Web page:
Northeastern President Joseph E. Aoun and Boston Mayor Martin J. Walsh joined community partners on Tuesday morning to unveil the region’s first university-supported loan program for small businesses owned by women and minorities.
The Impact Lending program will enable local entrepreneurs to secure loans, at below-market interest rates, to acquire crucial resources to expand their small businesses. At a press conference held at the Bolling Building in Roxbury, speakers hailed the initiative as a critical investment in local innovation and praised Northeastern’s ties with the city and local community.
“Small businesses create jobs. They hire local people. They’re the engine to our economy,” said Walsh, who called Northeastern “a great leader in our university system” and thanked the university for its “commitment to supporting Boston’s economy and promoting inclusion and opportunity in our communities.”
This investment isn’t a financial investment only. It’s an investment in making the neighborhood thrive.
—President Joseph E. Aoun
Aoun said that the lending program is part of Northeastern’s comprehensive investment in the surrounding communities. “We are a global university, but this is where our heart is,” he said. “This is where our roots are, and if this community is thriving then we all will be thriving.”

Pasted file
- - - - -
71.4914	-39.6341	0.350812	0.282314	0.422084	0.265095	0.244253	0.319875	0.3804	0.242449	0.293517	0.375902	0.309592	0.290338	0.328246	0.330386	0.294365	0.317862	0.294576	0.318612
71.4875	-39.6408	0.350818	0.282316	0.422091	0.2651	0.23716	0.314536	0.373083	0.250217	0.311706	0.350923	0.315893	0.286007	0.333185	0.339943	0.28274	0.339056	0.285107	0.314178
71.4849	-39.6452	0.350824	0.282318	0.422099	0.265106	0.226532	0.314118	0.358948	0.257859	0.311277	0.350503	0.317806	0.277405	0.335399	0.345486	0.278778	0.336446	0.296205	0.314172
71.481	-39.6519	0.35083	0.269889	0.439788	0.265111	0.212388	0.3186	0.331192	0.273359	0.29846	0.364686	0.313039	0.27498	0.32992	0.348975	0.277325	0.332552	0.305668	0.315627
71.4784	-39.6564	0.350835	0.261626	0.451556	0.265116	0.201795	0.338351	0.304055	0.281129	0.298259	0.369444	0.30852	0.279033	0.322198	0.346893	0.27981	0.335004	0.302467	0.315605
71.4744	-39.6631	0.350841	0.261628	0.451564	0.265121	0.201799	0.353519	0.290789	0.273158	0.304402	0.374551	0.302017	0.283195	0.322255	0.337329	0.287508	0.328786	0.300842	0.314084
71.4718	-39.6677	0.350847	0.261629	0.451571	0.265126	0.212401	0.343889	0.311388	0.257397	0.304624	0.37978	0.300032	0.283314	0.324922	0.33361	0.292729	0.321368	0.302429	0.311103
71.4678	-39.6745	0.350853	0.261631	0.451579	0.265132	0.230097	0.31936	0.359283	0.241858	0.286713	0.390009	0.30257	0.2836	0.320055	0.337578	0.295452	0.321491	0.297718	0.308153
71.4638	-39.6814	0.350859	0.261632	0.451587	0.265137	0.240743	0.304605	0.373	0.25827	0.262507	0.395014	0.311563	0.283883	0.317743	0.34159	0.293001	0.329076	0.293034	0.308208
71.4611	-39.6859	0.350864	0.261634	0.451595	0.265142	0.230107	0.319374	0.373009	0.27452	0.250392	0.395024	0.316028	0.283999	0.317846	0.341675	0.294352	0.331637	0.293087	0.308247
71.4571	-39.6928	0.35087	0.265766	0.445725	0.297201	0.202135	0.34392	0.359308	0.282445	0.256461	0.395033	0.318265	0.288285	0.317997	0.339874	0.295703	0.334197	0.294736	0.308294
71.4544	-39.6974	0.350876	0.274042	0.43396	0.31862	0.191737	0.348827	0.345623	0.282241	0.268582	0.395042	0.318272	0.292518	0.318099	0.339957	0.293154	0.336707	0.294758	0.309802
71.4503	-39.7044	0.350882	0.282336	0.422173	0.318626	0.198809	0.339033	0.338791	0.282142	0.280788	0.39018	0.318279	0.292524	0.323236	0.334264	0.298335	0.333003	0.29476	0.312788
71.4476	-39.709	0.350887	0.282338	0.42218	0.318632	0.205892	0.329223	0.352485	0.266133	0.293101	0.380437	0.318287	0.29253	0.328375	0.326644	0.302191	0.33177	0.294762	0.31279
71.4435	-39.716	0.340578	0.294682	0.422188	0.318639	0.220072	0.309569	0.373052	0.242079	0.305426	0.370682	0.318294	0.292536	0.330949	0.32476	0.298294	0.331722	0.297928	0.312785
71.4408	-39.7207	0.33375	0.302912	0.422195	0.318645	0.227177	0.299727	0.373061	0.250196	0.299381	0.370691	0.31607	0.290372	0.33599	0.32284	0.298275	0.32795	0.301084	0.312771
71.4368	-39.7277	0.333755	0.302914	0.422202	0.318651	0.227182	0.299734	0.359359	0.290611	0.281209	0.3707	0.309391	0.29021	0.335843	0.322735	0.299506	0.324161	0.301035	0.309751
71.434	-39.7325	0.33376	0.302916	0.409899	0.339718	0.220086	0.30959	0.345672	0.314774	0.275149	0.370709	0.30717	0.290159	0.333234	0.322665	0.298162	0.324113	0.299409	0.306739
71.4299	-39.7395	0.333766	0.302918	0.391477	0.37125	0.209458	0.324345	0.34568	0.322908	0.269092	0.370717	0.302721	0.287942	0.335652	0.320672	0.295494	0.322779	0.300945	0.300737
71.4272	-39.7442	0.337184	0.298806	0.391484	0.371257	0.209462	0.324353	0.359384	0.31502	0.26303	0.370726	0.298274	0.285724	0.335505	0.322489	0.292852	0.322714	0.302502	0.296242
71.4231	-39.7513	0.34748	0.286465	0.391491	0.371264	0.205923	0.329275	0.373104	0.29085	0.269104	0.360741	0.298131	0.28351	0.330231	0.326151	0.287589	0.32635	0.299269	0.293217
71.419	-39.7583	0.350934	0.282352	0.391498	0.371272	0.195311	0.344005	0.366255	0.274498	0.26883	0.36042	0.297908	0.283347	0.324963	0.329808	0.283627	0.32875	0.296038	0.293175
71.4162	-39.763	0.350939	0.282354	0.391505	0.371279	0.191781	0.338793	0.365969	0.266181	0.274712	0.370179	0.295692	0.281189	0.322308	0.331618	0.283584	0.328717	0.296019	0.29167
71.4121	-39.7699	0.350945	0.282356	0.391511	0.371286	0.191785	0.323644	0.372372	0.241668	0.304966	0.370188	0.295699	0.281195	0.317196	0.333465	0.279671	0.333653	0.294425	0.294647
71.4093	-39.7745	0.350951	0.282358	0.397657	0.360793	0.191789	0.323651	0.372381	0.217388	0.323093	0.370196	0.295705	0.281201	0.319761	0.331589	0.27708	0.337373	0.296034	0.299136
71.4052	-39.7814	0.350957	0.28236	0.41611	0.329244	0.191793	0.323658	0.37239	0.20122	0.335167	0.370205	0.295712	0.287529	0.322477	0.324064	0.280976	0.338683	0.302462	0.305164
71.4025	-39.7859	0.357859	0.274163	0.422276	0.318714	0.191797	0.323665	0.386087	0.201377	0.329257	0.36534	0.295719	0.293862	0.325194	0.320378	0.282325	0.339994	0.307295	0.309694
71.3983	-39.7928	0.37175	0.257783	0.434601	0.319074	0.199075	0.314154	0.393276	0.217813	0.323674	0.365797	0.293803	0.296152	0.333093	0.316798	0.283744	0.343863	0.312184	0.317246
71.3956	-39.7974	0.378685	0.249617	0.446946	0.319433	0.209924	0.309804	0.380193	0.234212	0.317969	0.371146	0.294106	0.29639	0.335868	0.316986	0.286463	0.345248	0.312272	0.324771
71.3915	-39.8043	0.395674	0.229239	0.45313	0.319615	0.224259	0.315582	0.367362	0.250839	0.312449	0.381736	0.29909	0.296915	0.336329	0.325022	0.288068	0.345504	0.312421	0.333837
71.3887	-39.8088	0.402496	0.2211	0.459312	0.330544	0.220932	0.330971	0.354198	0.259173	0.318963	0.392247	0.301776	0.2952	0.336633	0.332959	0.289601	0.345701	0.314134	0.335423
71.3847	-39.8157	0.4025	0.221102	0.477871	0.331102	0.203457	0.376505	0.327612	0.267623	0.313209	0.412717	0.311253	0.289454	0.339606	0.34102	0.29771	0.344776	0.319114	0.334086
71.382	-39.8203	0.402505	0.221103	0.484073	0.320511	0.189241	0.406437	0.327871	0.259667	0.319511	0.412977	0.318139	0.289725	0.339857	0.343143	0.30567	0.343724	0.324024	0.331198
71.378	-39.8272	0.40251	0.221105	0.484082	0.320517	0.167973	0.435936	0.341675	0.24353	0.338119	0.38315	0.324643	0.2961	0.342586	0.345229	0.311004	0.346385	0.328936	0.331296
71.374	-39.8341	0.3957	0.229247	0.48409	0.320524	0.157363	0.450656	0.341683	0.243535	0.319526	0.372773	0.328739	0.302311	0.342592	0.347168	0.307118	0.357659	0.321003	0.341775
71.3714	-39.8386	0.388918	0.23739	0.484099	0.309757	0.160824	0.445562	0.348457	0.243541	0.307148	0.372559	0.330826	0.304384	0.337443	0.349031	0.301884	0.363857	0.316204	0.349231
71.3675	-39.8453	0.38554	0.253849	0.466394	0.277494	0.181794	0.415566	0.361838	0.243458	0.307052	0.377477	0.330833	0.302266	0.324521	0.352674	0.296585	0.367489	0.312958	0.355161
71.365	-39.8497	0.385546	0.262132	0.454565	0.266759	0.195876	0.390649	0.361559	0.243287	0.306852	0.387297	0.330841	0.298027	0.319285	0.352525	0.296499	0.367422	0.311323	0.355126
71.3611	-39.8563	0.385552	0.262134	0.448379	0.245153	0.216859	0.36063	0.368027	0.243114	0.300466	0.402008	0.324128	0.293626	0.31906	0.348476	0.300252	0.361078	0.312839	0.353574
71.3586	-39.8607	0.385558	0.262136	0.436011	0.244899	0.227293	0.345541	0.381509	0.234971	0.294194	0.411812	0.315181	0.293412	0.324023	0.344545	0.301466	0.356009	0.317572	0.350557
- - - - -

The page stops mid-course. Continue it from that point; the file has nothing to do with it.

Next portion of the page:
As part of the new program, Northeastern has committed $2.5 million in seed funding , which will allow for a revolving fund of $6.5 million in loans. The university has partnered with Local Initiatives Support Corporation, a nonprofit that provides loans and advisory services to underserved small businesses. LISC will administer and oversee the loans, ranging from $1,000 to $1 million, with Northeastern’s seed funding serving as a guarantee. The loans can be used for a variety of business needs, including hiring new staff, obtaining new equipment and facilities, and purchasing inventory.
At the event, Broovelt Lacet, vice president and co-owner of Thom S. Carlson Corp., a general contracting firm located on Huntington Avenue, just steps away from Northeastern’s campus, spoke about the impact of his company’s partnership with the university. “It’s more than a partnership,” he said. “I call it a relationship.”
Lacet—better known as “Broo”—told the crowd that nearly all the employees live in the neighborhoods surrounding the university and have all benefited from the employment and professional support. “Northeastern gives us a lot of opportunity for growth,” he said.
Lacet’s company works with the university’s Facilities division with a range of work and services across campus year-round. In the summer, for example, workers paint in the residence halls and in the winter they are part of the university’s snow removal team. They also help out during the busy move-in and move-out periods.
Of the Impact Lending program, Aoun added: “This investment isn’t a financial investment only. It’s an investment in making the neighborhood thrive.”